Ex-Im operates with a wide berth to determine how it distributes loans, but at the time of this disbursement, it was required to seek authorization directly from the President for any loan to be granted to a communist regime. For his part, Clinton would have to make a determination that such loans were in the “national interest”. While it must make Congress aware of any loans over $100 million or granted for the construction of nuclear technology, it does not require their authorization.

In the first phase, some $36 million was requested for transfer to China to assist in the development of steam turbines with Westinghouse technology. Clinton, fulfilling his obligation, forwarded a letter to then-Speaker Newt Gingrich declaring the loan in line with our national interest—but went one step farther and authorized as much as $120 million to be distributed. In the second phase, the same process was followed with a second loan worth $323 million.

Bechtel is a private, family-owned corporation, which, in the year the loan was processed, had been padding the coffers of both political parties equally before lobbying the Ex-Im for the loan. Congress, which at the time was controlled by Republicans, sat on its hands and watched. And, as they watched, the story developed into a far more pernicious debacle.

Dr. Strangelove: Or How The US Learned To Stop Worrying And Watch As China Gave Pakistan The A-Bomb

This same Chinese nuclear corporation that was gifted with our patronage was itself responsible for assisting Pakistan in their development of nuclear weapons—just one aspect of a military relationship that has flourished since at least the 1960s.[mfn][/mfn]

Writing for the National Review, Timothy P. Carney noted Clinton’s direct involvement in approving the loan—a necessity since enacted legislation at the time prohibited loans being made to communist regimes:

For this loan to go through, President Clinton had to sign a letter saying the loan was in our national interest. His signature on that letter was interesting in the light of his administration’s finding weeks before that CNNP had transferred to Pakistan nuclear-weapons materials.

So just what were those nuclear-weapons materials? In 1995, China transferred 5,000 ring magnets to Pakistan. A ring magnet is used in gas centrifuges in order to extract enriched, weapons-grade uranium from uranium gas. Due to their critical use in manufacturing weapons of mass destruction, the International Atomic Energy Agency, by way of international treaty, strictly controls the trade of this device.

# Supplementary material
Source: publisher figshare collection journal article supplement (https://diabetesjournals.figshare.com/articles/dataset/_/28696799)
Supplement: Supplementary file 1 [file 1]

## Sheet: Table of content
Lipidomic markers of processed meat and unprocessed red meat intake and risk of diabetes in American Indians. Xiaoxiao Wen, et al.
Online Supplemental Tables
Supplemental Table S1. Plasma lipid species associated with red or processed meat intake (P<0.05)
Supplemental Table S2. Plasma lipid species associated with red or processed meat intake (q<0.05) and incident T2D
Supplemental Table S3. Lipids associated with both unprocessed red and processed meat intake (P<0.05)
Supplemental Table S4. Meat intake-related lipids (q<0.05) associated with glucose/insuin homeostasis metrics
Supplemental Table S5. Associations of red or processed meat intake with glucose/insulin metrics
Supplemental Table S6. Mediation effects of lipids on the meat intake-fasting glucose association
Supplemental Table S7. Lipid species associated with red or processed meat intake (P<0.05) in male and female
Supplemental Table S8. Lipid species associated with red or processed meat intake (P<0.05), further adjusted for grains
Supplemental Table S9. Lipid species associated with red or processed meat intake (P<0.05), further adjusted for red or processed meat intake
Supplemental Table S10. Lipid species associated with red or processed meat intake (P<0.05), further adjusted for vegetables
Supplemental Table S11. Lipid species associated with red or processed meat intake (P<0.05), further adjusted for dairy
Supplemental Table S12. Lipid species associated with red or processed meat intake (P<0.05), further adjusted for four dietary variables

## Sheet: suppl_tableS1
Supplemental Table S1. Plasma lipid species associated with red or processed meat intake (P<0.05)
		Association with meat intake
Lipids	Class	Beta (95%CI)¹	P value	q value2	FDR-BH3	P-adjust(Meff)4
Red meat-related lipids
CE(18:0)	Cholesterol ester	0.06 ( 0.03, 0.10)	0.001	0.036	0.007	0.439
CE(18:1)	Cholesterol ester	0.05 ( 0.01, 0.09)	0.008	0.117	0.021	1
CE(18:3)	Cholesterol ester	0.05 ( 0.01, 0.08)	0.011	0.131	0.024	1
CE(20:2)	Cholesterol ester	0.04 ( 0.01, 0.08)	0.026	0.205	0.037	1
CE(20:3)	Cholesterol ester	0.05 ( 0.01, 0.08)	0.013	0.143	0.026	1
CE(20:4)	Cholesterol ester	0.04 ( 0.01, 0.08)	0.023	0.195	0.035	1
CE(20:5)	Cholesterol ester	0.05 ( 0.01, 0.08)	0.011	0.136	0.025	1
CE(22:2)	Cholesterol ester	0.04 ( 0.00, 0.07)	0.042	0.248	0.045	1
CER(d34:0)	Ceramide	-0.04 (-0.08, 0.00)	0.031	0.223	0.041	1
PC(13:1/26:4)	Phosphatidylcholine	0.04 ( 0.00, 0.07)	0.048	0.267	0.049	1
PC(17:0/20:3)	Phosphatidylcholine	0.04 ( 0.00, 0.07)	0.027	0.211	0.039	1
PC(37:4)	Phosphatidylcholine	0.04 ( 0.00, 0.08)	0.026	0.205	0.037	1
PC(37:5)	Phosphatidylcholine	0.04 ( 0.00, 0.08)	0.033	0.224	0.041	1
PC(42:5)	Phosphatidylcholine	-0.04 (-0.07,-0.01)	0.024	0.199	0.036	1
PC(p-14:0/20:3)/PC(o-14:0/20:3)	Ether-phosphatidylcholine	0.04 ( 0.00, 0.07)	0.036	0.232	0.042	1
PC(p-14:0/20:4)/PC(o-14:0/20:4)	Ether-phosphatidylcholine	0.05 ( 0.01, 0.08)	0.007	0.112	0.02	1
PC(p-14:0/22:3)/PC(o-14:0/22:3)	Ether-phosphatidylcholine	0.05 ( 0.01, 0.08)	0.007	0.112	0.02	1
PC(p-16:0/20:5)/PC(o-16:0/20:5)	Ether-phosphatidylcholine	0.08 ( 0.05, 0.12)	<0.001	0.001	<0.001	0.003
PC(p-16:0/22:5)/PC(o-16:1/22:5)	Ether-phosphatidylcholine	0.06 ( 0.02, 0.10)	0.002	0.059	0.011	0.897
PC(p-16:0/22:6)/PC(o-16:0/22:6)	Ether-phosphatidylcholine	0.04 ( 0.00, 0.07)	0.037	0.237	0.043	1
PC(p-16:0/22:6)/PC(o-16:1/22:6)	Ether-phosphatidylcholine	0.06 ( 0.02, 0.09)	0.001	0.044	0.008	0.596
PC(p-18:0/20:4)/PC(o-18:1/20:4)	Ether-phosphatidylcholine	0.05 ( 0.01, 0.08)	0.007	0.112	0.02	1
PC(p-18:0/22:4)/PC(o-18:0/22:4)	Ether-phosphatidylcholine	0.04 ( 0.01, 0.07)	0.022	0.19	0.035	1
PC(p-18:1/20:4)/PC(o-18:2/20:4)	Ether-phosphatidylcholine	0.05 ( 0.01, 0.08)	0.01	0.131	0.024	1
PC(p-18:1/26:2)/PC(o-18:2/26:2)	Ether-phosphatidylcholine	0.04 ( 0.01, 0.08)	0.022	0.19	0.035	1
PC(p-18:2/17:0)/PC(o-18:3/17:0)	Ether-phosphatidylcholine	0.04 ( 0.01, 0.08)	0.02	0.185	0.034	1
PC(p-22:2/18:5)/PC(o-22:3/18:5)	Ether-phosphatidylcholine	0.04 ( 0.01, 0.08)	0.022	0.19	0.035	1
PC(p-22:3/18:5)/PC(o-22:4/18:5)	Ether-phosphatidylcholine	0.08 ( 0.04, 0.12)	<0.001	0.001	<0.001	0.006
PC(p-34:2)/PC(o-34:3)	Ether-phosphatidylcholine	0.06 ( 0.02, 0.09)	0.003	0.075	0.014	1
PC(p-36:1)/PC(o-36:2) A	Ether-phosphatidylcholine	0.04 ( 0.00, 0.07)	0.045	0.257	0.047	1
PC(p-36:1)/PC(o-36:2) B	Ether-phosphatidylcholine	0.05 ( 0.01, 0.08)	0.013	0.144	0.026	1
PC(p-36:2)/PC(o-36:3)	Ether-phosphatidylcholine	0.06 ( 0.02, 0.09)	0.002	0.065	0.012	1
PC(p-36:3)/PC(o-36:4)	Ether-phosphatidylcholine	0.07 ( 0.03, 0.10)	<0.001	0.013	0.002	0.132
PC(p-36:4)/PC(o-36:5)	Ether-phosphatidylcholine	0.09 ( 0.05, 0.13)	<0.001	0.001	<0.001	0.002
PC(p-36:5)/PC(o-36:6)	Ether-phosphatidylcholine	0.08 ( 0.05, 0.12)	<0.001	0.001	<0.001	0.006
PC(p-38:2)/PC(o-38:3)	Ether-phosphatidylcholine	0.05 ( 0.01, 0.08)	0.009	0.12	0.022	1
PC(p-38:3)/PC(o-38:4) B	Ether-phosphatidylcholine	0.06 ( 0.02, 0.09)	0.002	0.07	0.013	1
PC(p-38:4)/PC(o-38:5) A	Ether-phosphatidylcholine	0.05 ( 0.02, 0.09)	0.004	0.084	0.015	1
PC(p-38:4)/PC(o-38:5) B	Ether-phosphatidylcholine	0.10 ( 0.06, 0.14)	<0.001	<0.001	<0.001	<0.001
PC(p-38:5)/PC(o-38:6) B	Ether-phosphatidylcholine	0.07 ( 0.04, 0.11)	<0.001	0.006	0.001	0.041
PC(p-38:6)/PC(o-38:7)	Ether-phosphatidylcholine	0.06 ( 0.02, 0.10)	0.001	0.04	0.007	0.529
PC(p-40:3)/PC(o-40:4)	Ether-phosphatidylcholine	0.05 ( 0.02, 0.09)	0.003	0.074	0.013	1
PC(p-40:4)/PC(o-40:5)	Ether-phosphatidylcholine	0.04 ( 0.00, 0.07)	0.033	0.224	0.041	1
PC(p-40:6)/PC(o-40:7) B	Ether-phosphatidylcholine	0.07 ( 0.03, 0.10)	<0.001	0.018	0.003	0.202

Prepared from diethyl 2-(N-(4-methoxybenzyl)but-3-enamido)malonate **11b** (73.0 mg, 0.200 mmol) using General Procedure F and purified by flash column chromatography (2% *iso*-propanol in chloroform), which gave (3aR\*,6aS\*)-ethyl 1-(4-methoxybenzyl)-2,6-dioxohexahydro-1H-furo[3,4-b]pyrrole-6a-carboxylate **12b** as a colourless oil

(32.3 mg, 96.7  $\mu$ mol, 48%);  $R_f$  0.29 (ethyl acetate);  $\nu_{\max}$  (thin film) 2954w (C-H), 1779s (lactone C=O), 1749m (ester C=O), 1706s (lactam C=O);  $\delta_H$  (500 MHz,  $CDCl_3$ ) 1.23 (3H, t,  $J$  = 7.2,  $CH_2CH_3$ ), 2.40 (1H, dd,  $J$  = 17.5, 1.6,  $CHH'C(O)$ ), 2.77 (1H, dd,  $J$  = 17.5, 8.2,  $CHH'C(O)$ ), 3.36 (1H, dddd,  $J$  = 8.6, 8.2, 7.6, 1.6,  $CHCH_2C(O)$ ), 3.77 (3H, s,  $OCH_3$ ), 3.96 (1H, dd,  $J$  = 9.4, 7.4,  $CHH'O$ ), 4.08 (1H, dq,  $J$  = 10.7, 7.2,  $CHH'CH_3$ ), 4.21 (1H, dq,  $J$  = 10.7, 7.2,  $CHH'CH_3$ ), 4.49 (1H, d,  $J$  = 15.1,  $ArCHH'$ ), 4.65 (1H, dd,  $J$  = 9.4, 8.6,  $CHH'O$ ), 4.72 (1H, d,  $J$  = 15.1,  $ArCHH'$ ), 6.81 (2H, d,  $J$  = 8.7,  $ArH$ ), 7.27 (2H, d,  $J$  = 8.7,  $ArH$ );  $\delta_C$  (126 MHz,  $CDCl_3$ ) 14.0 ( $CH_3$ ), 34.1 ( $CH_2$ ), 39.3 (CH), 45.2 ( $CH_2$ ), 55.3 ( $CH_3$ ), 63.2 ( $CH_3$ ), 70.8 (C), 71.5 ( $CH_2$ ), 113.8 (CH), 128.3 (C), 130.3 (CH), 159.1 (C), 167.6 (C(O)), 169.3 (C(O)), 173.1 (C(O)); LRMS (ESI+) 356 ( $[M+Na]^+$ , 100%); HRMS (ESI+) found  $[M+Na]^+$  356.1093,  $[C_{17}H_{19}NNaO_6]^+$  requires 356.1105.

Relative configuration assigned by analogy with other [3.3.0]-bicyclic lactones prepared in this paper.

This same year, the Clinton administration was pressuring Congress to roll back a number of laws prohibiting the transfer of military hardware to Pakistan. The campaign was a success and soon the Brown amendment was passed allowing for the transfer of $370 million in military equipment to the regime. At the same time, sections of the Pressler amendment, an amendment which blocked any form of foreign aid being sent to Pakistan, was modified to allow assistance to begin again. The Pressler amendment was specifically enacted as a penalty for Pakistan’s possession of nuclear weapons. That’s when the deal started to really explode, so to speak.

In 1998, just three years after the sale of the rings, and two years after the repeal of the pertinent portions of the Pressler amendment, Pakistan conducted its first nuclear test—though it may be more accurate to call it their first five nuclear tests, as all five bombs were detonated simultaneously in the Ras Koh Hills.

While the American government foolishly relented with its sanctions against them, the Pakistanis were secretly continuing their development of nuclear weapons. While the Americans were transferring weapons and non-military aid to the regime, the Pakistanis were busy plotting and purchasing nuclear tech from China behind their backs.

When former Senator Pressler, the same senator who spearheaded the rescinded amendment, realized how badly the wool had been pulled over the eyes of his peers, he took to the Senate floor:

It is unfortunate enough that our Nation would transfer to Pakistan, United States-made military equipment without any non-proliferation concession. Now we face the real and embarrassing prospect of having weakened United States non-proliferation law for Pakistan’s benefit at the same time Pakistan was expanding its nuclear weapons capability in violation of United States law. This irony would be humorous if the issue wasn’t so serious.

Accordingly, in view of the confirmations of these transfers, I have written today to President Clinton urging that he enforce the law. Specifically, any contemplated transfer of military equipment to Pakistan, as called for in the Brown amendment, should cease immediately. Further, sanctions called for under the law also should be applied to Chinese exporting companies.

Finally, Mr. President, it may be worth exploring if officials within the Clinton administration knew of this blatant violation of U.S. nonproliferation law while the administration was lobbying to pass the Brown amendment.